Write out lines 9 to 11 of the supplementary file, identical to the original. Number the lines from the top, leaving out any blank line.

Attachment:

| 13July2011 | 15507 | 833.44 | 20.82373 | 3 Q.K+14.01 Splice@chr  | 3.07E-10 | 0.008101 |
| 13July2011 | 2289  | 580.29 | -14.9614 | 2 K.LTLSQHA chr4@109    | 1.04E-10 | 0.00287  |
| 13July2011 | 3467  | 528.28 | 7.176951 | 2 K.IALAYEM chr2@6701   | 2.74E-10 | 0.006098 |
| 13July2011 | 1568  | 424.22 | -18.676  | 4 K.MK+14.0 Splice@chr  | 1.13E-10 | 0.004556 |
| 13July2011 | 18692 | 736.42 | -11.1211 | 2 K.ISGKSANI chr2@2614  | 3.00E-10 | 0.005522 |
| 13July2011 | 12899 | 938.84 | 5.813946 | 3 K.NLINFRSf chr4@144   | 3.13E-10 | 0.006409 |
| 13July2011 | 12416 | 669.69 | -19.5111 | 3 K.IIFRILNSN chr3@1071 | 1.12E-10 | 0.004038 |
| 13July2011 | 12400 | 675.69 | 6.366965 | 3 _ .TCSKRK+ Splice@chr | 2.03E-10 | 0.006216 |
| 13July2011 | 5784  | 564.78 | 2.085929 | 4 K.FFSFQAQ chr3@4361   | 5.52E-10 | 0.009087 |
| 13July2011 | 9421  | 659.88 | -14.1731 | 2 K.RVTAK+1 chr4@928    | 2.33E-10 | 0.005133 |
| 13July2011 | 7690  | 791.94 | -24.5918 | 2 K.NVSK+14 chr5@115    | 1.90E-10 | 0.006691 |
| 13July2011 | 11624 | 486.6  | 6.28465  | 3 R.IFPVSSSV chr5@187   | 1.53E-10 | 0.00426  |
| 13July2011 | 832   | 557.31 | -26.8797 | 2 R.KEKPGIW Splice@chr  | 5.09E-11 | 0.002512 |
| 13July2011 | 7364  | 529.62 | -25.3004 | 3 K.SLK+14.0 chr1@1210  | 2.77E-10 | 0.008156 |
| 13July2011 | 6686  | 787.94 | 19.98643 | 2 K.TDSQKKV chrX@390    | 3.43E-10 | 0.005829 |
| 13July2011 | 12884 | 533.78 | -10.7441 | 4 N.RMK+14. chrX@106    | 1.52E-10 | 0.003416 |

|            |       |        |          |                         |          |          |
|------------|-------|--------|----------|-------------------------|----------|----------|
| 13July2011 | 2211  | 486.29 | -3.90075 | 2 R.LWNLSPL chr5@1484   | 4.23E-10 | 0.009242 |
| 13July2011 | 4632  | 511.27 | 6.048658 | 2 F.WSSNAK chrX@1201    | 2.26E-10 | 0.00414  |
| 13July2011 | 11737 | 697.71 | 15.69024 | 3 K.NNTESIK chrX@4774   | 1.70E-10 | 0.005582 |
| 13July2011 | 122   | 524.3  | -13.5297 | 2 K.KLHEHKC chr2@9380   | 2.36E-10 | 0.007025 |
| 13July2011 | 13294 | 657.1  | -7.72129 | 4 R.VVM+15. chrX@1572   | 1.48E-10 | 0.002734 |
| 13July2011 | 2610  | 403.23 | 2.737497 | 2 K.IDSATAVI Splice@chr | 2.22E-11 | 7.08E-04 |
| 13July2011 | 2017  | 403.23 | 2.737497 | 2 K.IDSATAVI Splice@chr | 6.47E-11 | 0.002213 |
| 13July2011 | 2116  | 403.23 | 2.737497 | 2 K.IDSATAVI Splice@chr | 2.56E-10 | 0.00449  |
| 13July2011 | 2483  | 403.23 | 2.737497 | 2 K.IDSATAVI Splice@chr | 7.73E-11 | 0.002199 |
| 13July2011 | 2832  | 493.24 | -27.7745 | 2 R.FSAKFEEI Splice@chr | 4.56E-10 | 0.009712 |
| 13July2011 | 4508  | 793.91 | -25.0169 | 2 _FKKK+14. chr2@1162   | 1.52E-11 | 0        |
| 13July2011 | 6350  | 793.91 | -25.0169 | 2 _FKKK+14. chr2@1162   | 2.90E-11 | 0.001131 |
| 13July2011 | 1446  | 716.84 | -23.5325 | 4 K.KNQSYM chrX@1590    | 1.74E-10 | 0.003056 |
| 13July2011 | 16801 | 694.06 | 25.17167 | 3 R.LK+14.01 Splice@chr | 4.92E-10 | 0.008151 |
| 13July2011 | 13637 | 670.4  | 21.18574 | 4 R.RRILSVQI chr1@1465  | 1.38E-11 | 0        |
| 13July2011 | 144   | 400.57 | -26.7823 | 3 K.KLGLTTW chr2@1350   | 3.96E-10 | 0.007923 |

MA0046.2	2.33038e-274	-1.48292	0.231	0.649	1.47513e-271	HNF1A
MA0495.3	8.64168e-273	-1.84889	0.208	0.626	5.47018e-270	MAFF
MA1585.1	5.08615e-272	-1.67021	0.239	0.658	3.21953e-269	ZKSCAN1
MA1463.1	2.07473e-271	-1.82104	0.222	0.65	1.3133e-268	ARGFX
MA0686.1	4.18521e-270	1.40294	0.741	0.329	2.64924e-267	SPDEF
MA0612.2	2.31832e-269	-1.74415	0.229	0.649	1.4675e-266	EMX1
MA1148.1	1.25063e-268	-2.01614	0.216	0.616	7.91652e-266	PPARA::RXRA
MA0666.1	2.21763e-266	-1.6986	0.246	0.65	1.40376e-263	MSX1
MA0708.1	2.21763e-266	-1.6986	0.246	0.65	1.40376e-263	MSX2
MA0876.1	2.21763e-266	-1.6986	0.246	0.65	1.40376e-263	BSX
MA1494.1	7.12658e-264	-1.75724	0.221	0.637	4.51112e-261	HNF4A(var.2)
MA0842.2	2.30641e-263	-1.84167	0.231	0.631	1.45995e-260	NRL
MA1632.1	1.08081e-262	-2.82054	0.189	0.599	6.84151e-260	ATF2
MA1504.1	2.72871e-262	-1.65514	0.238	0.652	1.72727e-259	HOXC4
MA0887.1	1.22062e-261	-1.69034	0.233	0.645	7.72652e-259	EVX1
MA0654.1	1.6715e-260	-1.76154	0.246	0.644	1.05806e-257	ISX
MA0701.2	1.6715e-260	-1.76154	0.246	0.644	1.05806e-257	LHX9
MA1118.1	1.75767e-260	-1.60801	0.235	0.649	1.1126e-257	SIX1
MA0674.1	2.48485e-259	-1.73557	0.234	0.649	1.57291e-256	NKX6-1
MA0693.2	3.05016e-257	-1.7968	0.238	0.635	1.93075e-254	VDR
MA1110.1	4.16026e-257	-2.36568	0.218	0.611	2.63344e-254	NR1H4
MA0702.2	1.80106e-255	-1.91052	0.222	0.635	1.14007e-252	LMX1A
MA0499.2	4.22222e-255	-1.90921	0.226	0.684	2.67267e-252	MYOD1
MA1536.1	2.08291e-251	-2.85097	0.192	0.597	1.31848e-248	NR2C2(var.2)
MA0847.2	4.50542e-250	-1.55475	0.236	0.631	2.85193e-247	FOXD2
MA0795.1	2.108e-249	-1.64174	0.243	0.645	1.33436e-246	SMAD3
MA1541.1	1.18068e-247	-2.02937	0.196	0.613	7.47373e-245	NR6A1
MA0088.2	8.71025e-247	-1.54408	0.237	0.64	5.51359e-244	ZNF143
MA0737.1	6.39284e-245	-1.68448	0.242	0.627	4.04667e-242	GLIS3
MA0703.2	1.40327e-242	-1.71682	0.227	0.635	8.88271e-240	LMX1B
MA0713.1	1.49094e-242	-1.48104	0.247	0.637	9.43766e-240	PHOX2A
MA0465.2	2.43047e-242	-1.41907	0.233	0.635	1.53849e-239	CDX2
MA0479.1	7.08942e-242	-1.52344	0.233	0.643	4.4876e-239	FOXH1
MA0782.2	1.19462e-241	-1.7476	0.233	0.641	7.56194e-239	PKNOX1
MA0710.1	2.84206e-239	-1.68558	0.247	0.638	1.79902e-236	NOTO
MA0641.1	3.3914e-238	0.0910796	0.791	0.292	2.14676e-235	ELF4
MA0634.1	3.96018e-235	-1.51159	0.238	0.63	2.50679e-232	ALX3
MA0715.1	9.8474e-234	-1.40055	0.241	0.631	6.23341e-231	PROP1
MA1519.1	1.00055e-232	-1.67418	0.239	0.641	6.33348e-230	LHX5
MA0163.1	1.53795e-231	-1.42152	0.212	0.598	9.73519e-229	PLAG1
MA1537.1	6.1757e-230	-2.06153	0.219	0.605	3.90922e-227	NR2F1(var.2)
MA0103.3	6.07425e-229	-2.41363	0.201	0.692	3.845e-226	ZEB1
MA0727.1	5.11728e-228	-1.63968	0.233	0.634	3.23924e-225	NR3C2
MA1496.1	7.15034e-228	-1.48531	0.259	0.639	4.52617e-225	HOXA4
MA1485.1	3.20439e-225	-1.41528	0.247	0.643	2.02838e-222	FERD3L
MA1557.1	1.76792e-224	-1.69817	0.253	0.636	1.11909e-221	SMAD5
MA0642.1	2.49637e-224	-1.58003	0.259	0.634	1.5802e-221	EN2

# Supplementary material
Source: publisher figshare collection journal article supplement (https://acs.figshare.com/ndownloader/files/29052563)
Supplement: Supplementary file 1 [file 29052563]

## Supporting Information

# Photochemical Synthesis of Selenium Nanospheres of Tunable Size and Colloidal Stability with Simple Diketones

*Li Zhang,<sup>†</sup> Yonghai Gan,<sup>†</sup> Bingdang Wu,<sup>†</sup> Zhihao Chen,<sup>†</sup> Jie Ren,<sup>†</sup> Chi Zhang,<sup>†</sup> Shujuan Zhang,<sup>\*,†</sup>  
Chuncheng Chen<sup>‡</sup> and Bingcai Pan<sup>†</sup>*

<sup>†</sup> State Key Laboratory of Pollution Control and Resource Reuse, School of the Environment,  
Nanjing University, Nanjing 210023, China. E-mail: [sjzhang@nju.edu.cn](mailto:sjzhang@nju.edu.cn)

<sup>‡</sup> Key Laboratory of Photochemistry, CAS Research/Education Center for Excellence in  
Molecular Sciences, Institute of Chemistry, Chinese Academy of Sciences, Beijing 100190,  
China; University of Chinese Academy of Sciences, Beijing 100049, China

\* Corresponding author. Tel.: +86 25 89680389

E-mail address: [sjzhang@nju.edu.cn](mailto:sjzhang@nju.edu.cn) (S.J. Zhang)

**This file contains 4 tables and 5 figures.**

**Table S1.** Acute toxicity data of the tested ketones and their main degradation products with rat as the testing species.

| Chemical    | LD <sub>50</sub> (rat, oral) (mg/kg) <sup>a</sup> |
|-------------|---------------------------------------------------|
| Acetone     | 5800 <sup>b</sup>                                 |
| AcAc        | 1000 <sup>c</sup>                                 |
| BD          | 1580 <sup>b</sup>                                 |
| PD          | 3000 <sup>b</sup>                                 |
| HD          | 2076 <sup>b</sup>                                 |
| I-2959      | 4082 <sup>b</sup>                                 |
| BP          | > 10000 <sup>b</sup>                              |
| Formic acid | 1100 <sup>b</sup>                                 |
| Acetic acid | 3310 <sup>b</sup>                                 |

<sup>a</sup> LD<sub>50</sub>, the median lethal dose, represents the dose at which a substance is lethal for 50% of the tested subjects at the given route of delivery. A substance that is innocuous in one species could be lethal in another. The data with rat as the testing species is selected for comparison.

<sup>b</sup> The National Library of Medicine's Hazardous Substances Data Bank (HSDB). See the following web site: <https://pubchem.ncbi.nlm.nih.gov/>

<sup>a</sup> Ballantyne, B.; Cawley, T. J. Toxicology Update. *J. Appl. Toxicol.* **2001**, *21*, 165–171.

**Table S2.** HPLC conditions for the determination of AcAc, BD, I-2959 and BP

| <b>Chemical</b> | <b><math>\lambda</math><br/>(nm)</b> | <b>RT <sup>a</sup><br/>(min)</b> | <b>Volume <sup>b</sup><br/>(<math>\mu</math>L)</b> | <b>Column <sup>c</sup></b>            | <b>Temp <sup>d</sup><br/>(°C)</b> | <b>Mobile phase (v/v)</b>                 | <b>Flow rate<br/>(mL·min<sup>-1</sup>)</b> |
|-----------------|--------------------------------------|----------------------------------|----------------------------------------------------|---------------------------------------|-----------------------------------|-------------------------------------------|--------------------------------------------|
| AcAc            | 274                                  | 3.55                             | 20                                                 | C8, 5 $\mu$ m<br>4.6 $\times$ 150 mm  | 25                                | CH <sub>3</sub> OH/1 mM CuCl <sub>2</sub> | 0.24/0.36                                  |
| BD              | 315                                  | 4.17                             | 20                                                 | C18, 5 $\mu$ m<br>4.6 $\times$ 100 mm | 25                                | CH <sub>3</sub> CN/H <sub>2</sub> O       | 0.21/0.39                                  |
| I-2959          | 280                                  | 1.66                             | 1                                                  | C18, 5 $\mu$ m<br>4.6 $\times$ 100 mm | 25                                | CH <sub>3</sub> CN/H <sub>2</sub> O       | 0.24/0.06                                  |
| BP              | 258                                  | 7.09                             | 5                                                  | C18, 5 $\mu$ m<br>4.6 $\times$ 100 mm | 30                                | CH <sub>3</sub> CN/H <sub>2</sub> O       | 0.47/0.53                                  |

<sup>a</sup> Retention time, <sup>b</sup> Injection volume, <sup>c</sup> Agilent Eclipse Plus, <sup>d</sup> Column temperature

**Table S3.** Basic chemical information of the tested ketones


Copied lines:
| 13July2011 | 5784  | 564.78 | 2.085929 | 4 K.FFSFQAQ chr3@4361   | 5.52E-10 | 0.009087 |
| 13July2011 | 9421  | 659.88 | -14.1731 | 2 K.RVTAK+1 chr4@928    | 2.33E-10 | 0.005133 |
| 13July2011 | 7690  | 791.94 | -24.5918 | 2 K.NVSK+14 chr5@115    | 1.90E-10 | 0.006691 |